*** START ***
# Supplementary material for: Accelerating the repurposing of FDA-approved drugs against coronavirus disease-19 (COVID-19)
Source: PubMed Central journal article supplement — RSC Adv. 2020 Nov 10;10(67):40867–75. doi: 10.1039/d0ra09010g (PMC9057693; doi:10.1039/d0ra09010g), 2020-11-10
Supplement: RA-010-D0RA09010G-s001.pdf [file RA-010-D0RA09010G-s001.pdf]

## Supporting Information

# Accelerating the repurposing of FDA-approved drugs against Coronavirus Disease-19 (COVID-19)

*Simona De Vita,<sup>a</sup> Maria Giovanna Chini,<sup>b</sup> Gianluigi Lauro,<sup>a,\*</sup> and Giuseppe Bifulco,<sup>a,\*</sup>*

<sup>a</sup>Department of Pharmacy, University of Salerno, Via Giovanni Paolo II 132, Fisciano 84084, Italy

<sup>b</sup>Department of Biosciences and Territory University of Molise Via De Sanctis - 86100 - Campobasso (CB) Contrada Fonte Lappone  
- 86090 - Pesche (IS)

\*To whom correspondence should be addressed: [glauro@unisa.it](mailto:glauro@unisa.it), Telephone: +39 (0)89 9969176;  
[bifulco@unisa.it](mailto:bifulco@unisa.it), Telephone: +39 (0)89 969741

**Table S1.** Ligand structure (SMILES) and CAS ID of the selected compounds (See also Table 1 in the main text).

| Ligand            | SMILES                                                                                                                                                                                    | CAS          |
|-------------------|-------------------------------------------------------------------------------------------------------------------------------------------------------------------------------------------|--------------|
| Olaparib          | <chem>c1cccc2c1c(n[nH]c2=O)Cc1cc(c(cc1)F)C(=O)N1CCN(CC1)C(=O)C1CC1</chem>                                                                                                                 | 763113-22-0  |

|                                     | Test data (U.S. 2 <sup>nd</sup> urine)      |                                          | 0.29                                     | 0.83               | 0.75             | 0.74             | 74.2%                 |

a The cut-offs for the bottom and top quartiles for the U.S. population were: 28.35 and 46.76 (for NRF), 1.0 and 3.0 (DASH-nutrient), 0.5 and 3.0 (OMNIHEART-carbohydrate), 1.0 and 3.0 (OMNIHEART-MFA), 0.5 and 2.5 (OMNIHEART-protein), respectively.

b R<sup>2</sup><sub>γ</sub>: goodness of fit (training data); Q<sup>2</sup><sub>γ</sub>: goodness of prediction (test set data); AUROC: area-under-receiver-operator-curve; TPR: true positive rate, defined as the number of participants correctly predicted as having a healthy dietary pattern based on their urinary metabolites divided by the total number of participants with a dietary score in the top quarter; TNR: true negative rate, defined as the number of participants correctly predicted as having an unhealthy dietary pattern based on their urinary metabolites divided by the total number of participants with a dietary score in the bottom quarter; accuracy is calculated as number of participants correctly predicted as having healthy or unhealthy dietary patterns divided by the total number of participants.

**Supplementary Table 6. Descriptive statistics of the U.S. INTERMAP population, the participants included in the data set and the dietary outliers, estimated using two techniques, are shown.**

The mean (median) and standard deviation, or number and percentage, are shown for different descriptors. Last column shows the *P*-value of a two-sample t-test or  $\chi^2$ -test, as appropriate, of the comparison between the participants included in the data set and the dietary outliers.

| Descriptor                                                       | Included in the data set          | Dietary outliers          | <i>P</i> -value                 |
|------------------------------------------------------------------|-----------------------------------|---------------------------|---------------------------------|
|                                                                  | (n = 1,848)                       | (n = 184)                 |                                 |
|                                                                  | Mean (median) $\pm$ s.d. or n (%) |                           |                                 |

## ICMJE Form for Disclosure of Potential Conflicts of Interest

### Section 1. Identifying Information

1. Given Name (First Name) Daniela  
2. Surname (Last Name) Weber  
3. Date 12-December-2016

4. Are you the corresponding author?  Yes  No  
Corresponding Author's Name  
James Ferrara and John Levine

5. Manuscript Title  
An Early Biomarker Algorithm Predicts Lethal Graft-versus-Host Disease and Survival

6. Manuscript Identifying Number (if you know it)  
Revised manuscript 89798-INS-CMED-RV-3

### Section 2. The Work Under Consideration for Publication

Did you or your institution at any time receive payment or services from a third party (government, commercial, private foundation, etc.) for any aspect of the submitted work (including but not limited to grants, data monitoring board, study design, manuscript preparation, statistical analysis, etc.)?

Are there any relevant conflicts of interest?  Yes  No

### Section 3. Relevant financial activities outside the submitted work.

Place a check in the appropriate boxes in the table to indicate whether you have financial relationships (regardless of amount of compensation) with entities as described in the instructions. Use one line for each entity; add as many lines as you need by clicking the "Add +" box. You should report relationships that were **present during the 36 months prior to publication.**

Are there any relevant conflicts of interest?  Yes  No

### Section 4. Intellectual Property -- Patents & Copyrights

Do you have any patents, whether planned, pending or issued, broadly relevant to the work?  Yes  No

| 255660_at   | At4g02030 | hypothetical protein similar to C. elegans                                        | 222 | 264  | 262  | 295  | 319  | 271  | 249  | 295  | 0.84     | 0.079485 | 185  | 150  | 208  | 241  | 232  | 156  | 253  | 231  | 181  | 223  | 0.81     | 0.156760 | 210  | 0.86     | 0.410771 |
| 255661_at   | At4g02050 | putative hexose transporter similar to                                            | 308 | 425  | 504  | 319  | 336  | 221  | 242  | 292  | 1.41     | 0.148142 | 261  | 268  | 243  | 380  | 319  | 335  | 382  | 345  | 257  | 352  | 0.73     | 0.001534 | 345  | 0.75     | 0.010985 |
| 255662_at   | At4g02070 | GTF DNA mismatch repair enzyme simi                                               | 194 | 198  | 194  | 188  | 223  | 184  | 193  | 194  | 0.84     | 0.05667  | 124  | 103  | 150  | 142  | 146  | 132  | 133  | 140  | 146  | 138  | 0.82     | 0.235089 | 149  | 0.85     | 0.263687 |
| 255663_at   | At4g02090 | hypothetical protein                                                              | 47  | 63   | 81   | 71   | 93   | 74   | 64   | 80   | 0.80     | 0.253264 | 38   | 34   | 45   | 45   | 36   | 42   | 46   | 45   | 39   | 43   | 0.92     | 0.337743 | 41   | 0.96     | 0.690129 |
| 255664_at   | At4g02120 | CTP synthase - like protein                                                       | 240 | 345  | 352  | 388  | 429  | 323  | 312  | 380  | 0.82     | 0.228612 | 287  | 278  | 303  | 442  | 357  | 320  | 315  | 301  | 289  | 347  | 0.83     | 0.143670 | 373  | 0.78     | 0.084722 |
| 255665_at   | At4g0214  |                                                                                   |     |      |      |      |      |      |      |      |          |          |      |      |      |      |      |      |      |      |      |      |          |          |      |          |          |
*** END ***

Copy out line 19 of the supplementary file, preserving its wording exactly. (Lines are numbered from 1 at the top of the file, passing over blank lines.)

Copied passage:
**Supplementary Table 6. Descriptive statistics of the U.S. INTERMAP population, the participants included in the data set and the dietary outliers, estimated using two techniques, are shown.**